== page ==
As Canadians seek to confront anti-Muslim bias, Quebec’s Bill 21 is under scrutiny once again


The vehicle attack in London, Ont., earlier this week, which killed all but one young member of the Afzaal family, was the third time in the last four years that Muslims in Canada have been murdered because of their faith.

Since the suspected anti-Muslim motive was revealed on Monday, a collective soul searching has been underway.

As in 2020, following a fatal stabbing at an Etobicoke mosque, and in 2017, when six Muslims were shot to death in Quebec City, many are now trying to identify the sources of Islamophobia in the country.

This time, attention quickly turned to Quebec’s Laicity Act, the law passed in 2019 that bans public teachers, police officers and government lawyers, among other civil servants, from wearing religious symbols at work.

Though the law — commonly referred to as Bill 21 — doesn’t mention any one religion, it particularly affects Muslim women who wear the hijab, and for whom public teaching had once been a popular career choice.

Prime Minister Justin Trudeau takes part in a moment of silence in the House of Commons on Parliament Hill in Ottawa on Tuesday in recognition of the recent tragedy in London, Ont. (Sean Kilpatrick/The Canadian Press)

At a news conference Tuesday, Prime Minister Justin Trudeau was asked three times, by three different reporters, whether he would now speak out more forcefully against Bill 21.

“I have long expressed my disagreement with Bill 21,” Trudeau said in response to one of the questions. “But I have also indicated that it is for Quebecers to challenge and defend their rights in court, which they have been doing.”

Columnists from the Toronto Star, the Toronto Sun and the Globe and Mail all argued that a serious approach to addressing Islamophobia required more strident criticism of Bill 21 from Trudeau and the other federal leaders.

Advocates for Ontario’s Muslim community also pointed to the Quebec law as being among a panoply of state-backed measures that stigmatise Muslims.

Calgary Mayor Naheed Nenshi, an Ismaili Muslim, made similar comments Tuesday, saying: “I can see the linkages between Quebec’s Bill 21 and what we saw happen [in London].”

In Quebec, however, the criticism of Bill 21 was interpreted as an attempt by English Canada to blame the London attack on a law that was: a.) passed democratically, and b.) doesn’t apply in Ontario.

“The comments illustrate the extent to which there is contempt in the rest of Canada for Quebecers and Quebec’s democratic choices,” said Parti Québécois Leader Paul St-Pierre Plamondon, whose party voted in favour of Bill 21.

WATCH | Bloc Québécois Leader Yves-François Blanchet discusses the London attack and Quebec’s Bill 21

Yves-François Blanchet, leader of the Bloc Québécois, comments on why he did not speak at the London, Ont. vigil in honour of victims who were killed in what police are calling a hate-motivated attack. He also responds to a question about Quebec’s Bill 21 from the CBC’s David Thurton. 1:50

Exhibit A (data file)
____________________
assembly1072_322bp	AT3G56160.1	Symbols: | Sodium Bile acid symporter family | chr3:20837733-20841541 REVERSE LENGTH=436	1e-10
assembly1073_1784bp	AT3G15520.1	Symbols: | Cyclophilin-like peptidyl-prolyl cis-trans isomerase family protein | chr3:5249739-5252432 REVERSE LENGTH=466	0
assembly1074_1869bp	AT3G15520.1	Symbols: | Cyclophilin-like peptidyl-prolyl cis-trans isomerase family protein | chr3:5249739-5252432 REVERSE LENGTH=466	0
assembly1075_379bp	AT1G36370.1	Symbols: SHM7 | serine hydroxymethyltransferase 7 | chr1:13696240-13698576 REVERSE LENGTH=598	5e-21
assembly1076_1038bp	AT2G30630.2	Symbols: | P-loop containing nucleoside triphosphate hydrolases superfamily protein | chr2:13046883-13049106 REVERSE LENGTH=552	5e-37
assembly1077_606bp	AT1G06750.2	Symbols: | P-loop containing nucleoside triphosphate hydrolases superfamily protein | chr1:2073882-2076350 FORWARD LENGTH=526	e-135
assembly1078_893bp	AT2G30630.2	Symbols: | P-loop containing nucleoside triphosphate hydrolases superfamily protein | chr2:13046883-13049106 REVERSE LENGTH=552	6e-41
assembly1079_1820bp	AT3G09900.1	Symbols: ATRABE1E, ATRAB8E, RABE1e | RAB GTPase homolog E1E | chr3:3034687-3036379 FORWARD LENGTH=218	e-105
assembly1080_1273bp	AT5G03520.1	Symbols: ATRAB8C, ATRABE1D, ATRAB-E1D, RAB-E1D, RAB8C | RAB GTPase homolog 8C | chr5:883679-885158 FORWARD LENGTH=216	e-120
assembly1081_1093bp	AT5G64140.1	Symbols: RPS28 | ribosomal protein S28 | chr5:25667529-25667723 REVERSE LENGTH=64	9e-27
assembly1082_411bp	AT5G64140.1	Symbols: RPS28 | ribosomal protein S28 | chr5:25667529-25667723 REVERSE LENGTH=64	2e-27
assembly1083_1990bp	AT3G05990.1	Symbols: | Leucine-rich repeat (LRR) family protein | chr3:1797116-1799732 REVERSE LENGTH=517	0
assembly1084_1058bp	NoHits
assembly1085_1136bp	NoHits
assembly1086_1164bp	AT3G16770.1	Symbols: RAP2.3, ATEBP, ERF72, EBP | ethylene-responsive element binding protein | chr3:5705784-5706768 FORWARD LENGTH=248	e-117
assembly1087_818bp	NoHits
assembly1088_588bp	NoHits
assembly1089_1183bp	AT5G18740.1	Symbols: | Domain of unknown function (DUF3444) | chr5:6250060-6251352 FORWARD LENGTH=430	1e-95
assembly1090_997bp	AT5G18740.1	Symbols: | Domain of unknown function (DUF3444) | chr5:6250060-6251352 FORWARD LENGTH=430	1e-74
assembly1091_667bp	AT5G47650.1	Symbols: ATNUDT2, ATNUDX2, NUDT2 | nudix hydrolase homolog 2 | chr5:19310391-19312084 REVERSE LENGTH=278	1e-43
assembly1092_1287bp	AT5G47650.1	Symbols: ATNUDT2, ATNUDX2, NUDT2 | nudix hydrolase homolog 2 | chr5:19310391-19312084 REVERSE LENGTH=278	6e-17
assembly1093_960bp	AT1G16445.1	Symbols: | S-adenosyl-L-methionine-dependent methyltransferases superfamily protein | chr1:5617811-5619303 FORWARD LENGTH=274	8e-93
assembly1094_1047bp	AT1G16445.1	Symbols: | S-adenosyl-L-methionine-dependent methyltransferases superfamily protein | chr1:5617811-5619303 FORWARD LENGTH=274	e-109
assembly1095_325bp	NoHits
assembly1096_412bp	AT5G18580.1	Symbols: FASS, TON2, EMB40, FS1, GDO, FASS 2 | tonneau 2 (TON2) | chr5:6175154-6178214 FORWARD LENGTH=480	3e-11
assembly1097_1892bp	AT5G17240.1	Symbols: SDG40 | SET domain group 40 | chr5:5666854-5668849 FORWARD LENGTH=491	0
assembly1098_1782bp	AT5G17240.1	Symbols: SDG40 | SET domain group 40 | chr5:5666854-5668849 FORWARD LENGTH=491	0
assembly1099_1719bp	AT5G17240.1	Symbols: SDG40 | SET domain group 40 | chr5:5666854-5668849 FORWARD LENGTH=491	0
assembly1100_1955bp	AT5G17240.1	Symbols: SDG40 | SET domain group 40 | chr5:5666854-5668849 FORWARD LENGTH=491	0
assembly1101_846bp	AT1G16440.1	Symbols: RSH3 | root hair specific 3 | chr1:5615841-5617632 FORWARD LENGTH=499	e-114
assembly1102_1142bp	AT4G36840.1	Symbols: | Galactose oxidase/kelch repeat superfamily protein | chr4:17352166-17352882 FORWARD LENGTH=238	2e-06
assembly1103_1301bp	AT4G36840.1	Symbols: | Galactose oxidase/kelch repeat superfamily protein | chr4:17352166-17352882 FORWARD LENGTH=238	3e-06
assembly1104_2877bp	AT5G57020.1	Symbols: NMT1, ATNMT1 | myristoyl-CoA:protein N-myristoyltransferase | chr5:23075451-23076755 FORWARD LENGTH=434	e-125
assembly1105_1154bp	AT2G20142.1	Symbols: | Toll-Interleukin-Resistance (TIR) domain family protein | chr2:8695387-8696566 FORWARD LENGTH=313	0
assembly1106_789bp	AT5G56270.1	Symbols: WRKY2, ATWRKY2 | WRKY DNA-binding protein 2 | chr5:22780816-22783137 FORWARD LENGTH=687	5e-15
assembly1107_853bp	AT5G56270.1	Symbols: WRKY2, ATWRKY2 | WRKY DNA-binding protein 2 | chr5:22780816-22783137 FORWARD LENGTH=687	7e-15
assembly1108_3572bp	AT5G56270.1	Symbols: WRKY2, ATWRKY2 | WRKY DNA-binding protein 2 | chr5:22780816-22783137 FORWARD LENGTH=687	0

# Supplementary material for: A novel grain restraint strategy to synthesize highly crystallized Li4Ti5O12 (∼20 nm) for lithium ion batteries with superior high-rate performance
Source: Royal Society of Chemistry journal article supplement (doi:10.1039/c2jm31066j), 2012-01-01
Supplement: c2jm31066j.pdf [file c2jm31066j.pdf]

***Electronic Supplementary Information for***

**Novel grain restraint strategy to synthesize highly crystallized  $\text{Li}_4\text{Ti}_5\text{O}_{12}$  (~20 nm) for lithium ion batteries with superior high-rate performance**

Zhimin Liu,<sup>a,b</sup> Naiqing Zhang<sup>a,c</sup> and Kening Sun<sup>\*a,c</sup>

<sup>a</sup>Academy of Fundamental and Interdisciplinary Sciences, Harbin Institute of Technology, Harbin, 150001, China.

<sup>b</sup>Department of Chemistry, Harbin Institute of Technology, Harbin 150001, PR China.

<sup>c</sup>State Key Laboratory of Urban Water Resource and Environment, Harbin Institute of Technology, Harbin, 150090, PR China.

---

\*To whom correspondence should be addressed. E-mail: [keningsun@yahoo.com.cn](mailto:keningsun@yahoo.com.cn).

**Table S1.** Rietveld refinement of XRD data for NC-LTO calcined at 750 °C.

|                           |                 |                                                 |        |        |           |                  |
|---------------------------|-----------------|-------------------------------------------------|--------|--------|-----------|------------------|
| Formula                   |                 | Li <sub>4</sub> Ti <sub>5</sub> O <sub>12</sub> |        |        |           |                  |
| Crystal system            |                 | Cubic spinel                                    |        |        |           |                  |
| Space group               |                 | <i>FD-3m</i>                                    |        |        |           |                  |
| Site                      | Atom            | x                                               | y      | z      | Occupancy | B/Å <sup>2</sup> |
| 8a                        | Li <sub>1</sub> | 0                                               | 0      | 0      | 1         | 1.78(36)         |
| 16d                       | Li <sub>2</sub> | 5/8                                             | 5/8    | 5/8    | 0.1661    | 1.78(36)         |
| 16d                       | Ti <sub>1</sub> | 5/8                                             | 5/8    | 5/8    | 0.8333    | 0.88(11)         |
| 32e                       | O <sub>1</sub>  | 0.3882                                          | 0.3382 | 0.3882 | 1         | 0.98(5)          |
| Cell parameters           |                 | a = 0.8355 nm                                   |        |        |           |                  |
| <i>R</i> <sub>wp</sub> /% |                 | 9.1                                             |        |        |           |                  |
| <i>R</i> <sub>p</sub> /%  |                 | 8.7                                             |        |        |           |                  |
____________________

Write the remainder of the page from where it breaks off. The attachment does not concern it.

Within the nationalist paradigm that currently dominates Quebec politics, there is heightened sensitivity to suggestions that racism is widespread in the province. The implication of the accusation, it’s felt, is that Quebecers are a backward people who would benefit from morality lessons from their betters in the rest of Canada.

That may explain why attempts to link Bill 21 to the London attack rankled even the fiercest opponents of the law.

“Mind your own business,” the parliamentary leader of left-wing Québec Solidaire, Manon Massé, told the rest of Canada at a news conference Wednesday.

She then proceeded to blast Bill 21 for discriminating against women and causing fear among minorities.

Bill 21 becomes a rallying point

But Bill 21 isn’t alone in being singled out for scrutiny this week.

Nenshi also said he saw a link between the London attack and recent changes to Alberta’s school curriculum, saying it “others people who do not come from a European perspective.”

Community advocates further pointed to intrinsic cultural biases in many counterterrorism measures, while others highlighted the opposition to a 2017 parliamentary motion that condemned Islamophobia.

One of the reasons Bill 21 finds itself in such company is because laws can convey social norms; they signal what behaviours are considered acceptable — and what aren’t.

Kira Stephani, of Oshawa, Ont., talks with her daughter, Aisha Sayyed, at the scene of Sunday’s vehicle attack in London, Ont. (Geoff Robins/The Canadian Press)

This point was made by McGill University psychologist Eric Hehman, who testified for an English school board that was among several groups challenging Bill 21’s constitutionality in court last year.

A Quebec Superior Court judge ultimately upheld most of the law, but ruled that it couldn’t be applied to English school boards in the province. The ruling cited a passage from Hehman’s testimony.

“[Bill 21 is] likely to be perceived as conveying a norm about people who wear religious symbols … especially women who wear a hijab,” he said. “It would be expected … therefore to result in increased prejudice toward these social groups and more negative outcomes for individuals belonging to these groups.”

If a law conveys a social norm that prejudices Muslims, as Hehman suggests Bill 21 does, it is hardly surprising that many are asking whether it has contributed to Islamophobia.

When his government passed Bill 21 into law, Premier François Legault promised it would bring an end to acrimonious debates about the place of minorities in Quebec society.

Instead, this week, it’s become a rallying point for those trying to hold governments, at all levels, accountable for the recurring hate-based violence in Canada.



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